Labor Day travelers face closures, restrictions and delays
Scores of pandemic-weary Southern Californians will take to the highways and skies this Labor Day weekend, even as U.S. health officials implore those who haven’t been vaccinated to stay home.
Even the vaccinated and those who are still wearing masks in public should consider the risks of coronavirus exposure, Rochelle Walensky, director for the Centers for Disease Control and Prevention, said earlier this week.
Warnings aside, an estimated 43 million Americans will hit the road over the holiday period, data firm Arrivalist says.
West Hills resident Jane Skeeter and her husband will be among the travelers, but they’re not going far and there are some COVID conditions.
“We plan to stick close to home,” she said.
Skeeter said their trip to Oxnard will focus on friends they haven’t seen since before the pandemic — and only those who are vaccinated.
In addition to keeping track of vaccinated friends and family, travelers will also have to keep tabs on their destinations. Limited hiring and wildfires across the state have forced some businesses to cut back on services. The U.S. Forest Service closed all of California’s national forests.
Those planning to fly should expect delays, as the remnants of Hurricane Ida continue to wreak havoc on air traffic in some regions. The flight-tracking site FlightAware posted 5,361 delays and 2,380 cancellations for flights going in and out of the U.S. early Thursday.
Air travel has also been impacted by flooding in the Northeast, with 38% of outgoing flights from Newark and 80% of flights originating out of New Orleans canceled as of Thursday morning.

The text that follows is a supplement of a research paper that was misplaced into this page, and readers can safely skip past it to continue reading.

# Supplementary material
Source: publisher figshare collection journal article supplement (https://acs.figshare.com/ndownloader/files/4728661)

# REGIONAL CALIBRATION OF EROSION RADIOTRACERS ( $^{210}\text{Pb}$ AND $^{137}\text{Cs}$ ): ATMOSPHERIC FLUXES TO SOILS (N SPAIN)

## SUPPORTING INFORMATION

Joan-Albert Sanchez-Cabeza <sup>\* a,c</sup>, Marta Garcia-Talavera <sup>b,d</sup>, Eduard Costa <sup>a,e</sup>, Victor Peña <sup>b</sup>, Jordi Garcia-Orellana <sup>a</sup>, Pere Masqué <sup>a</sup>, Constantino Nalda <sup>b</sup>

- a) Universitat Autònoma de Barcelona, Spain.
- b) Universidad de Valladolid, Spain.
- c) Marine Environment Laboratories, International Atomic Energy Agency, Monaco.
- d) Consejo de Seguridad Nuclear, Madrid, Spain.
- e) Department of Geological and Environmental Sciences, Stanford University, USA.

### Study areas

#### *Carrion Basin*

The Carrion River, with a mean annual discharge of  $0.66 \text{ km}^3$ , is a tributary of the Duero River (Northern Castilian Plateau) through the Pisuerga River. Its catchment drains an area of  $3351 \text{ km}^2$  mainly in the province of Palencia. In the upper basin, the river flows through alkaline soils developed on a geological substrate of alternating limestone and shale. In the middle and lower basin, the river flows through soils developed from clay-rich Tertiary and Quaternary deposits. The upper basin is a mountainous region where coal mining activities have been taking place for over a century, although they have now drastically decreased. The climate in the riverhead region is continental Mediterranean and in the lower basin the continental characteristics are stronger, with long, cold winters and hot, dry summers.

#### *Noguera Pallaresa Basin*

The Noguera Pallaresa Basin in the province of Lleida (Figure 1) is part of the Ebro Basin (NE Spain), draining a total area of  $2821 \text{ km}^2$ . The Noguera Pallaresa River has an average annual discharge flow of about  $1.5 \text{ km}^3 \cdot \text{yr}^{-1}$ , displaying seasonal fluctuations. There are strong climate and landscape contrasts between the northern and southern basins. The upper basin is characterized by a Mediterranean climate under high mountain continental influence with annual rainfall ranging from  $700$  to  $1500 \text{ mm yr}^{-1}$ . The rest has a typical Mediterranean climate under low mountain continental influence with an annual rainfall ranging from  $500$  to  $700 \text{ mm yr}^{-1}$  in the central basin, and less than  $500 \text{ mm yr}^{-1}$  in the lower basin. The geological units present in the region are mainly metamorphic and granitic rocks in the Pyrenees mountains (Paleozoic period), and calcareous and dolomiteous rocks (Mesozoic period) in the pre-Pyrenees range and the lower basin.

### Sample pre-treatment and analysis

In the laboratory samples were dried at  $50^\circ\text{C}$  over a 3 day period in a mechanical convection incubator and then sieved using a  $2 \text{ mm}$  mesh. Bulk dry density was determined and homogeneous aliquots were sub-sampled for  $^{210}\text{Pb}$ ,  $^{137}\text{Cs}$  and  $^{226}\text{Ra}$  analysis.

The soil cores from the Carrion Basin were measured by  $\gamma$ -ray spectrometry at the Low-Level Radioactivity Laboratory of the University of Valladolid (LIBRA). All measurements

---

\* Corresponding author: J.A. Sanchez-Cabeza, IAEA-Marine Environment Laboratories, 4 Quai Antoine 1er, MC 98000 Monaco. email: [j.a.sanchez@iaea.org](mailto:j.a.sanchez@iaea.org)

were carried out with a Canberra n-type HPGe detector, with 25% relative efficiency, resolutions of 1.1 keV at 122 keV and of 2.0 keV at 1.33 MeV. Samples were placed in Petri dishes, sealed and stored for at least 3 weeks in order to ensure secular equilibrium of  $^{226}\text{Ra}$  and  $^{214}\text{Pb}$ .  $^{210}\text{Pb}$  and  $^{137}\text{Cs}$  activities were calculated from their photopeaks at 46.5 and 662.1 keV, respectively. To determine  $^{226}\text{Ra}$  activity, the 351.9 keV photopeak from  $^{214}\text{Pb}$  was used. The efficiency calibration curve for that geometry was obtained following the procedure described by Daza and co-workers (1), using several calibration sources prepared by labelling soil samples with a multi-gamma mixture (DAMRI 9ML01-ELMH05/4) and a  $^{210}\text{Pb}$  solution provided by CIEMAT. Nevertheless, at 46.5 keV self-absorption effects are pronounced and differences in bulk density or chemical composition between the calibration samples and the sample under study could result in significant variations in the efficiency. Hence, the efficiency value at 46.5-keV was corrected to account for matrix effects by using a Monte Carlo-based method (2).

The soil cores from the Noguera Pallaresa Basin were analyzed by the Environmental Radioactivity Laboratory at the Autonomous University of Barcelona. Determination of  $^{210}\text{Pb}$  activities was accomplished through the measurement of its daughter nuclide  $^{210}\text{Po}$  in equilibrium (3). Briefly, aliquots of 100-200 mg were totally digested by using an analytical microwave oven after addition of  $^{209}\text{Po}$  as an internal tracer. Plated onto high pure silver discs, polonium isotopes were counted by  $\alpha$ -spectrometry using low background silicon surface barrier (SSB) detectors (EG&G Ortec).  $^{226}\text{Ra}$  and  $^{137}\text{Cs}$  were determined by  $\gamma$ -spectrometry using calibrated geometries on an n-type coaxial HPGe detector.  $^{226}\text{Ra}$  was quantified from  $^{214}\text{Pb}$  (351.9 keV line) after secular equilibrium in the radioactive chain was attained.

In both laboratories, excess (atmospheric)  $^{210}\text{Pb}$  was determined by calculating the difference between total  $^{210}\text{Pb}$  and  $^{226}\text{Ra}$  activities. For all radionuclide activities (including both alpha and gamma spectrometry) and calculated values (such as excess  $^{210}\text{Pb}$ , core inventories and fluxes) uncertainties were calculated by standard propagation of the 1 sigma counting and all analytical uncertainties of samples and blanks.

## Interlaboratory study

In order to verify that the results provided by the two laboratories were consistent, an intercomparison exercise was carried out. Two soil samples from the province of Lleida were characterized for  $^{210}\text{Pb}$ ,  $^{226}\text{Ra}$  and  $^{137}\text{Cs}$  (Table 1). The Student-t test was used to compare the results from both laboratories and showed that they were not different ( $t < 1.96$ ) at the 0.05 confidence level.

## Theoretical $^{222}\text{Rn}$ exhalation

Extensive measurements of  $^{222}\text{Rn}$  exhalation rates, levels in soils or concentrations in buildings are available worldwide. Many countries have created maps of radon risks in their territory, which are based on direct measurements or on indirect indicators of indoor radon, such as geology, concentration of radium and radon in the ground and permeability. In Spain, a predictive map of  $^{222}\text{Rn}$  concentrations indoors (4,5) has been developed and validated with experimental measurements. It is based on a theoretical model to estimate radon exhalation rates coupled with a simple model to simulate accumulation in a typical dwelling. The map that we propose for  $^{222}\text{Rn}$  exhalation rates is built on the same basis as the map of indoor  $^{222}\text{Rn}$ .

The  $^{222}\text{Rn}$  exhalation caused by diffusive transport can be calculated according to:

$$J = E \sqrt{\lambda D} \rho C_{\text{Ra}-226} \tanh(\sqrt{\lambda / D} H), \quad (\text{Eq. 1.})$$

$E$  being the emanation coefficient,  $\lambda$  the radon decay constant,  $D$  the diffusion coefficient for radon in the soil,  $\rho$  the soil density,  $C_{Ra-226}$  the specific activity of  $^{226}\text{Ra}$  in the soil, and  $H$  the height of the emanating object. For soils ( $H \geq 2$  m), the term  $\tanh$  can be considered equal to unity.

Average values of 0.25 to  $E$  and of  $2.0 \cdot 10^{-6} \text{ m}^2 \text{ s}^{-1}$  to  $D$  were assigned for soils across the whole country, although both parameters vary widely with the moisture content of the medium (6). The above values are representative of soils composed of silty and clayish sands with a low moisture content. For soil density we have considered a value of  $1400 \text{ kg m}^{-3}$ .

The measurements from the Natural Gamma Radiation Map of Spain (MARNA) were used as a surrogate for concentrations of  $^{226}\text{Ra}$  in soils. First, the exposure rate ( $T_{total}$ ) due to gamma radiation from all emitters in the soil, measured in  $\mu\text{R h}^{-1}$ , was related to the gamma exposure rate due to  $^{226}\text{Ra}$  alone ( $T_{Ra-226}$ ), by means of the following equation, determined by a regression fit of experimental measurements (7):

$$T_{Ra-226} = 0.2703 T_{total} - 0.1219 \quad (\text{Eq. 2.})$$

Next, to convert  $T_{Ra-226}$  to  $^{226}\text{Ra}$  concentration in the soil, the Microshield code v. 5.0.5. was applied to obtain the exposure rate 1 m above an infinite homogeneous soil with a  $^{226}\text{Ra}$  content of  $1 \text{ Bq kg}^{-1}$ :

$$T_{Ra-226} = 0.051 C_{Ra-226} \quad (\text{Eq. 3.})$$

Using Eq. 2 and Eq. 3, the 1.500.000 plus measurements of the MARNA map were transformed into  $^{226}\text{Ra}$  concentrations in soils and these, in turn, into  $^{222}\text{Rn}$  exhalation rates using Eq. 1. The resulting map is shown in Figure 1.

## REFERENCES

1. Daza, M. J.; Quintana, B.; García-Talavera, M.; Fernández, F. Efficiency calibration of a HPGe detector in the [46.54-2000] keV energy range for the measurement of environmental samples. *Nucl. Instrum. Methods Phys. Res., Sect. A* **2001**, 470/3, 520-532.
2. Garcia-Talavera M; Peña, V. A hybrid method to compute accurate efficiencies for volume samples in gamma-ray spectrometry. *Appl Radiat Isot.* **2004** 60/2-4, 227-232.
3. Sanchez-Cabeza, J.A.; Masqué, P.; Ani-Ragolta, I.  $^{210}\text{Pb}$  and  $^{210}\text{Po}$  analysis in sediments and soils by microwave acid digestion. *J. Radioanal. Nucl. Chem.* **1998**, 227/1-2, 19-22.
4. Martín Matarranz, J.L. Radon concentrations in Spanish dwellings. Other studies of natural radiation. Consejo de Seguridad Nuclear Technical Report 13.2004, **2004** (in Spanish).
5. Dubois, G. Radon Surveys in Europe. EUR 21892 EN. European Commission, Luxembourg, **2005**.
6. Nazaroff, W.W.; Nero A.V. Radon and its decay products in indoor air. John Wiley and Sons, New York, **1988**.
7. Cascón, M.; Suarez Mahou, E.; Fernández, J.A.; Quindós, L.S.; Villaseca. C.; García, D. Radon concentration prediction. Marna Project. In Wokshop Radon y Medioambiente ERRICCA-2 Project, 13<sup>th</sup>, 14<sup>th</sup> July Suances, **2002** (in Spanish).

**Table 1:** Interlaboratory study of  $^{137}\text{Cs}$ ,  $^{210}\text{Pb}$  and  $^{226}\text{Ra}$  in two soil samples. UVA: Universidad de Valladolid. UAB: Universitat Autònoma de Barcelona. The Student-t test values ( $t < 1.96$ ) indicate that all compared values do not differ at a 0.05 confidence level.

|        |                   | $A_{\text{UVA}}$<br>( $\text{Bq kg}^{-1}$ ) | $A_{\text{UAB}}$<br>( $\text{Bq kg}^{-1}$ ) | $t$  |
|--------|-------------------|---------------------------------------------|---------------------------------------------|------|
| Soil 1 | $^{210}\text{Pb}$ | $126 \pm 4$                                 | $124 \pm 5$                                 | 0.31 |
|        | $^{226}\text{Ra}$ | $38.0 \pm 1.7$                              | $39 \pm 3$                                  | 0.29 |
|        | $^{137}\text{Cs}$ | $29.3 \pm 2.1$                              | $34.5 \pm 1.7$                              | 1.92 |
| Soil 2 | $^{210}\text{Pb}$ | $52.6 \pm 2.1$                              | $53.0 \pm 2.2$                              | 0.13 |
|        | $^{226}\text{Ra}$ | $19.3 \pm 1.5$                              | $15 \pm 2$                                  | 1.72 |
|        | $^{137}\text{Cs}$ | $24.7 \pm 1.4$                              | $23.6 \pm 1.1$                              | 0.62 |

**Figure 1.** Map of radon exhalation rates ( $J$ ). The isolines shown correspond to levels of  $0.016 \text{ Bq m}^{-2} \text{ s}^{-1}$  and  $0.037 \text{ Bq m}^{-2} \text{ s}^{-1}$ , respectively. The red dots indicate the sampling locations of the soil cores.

Doug Shupe, a spokesman for the Automobile Club of Southern California, figures people will still travel, despite all of the limitations. And most, he said, will be going by car.
“General speaking, this holiday weekend is the last time for people to celebrate the summer and go to the places they’ve been wanting to go to all year,” Shupe said. “But many of these people booked their plans earlier this year when things were looking better with COVID-19.”
Data from the California Department of Public Health show there have been more than 4.2 million coronavirus cases in California, including 65,430 deaths statewide.
Arrivalist predicts slightly lower travel volume this holiday due to the delta variant.
“Considering the increased case count, it’s surprising how resilient travel by private car has been,” company founder and CEO Cree Lawson said. “Americans are still hitting the road to have fun, see attractions and visit family and friends at the same rate as last year when cases were falling.”
Drivers may be resilient, but they’re going to pay plenty at the pump.
The average price for a gallon of regular, unleaded gas in Los Angeles County was $4.38 Thursday, up $1.17 from the same time a year ago, according to price tracker GasBuddy.
Orange County saw a year-over-year uptick of $1.16 per gallon, and the Inland Empire posted similar annual increases — up nearly $1.18 in San Bernardino County and $1.12 in Riverside County.
The Auto Club no longer provides Labor Day travel predictions. But if the agency’s July 4, 2021 holiday forecast is any indication, some of the top travel destinations for Southern Californians likely will be Las Vegas, San Diego, Zion/Bryce Canyon national parks and the Grand Canyon.
Shupe advises travelers to consult the latest updates on COVID-19 data and restrictions. Data at sandiegocounty.gov show, for example, that San Diego County has had a total of 352,000 COVID-19 cases with more than 3,900 pandemic-related deaths.
And if you’re going to San Diego, be prepared to wear a mask. Face coverings are required on public transit, including buses, trains, airplanes, taxis and other ride services. If you’re not vaccinated, you’ll also be required to wear one in stores, restaurants, theaters and family entertainment centers.
Skeeter said she’s taking all of the precautions this weekend.
“I’m alarmed and cautious,” she said. “But I think if we observe the regulations and do everything we’re supposed to do we can end this pandemic.”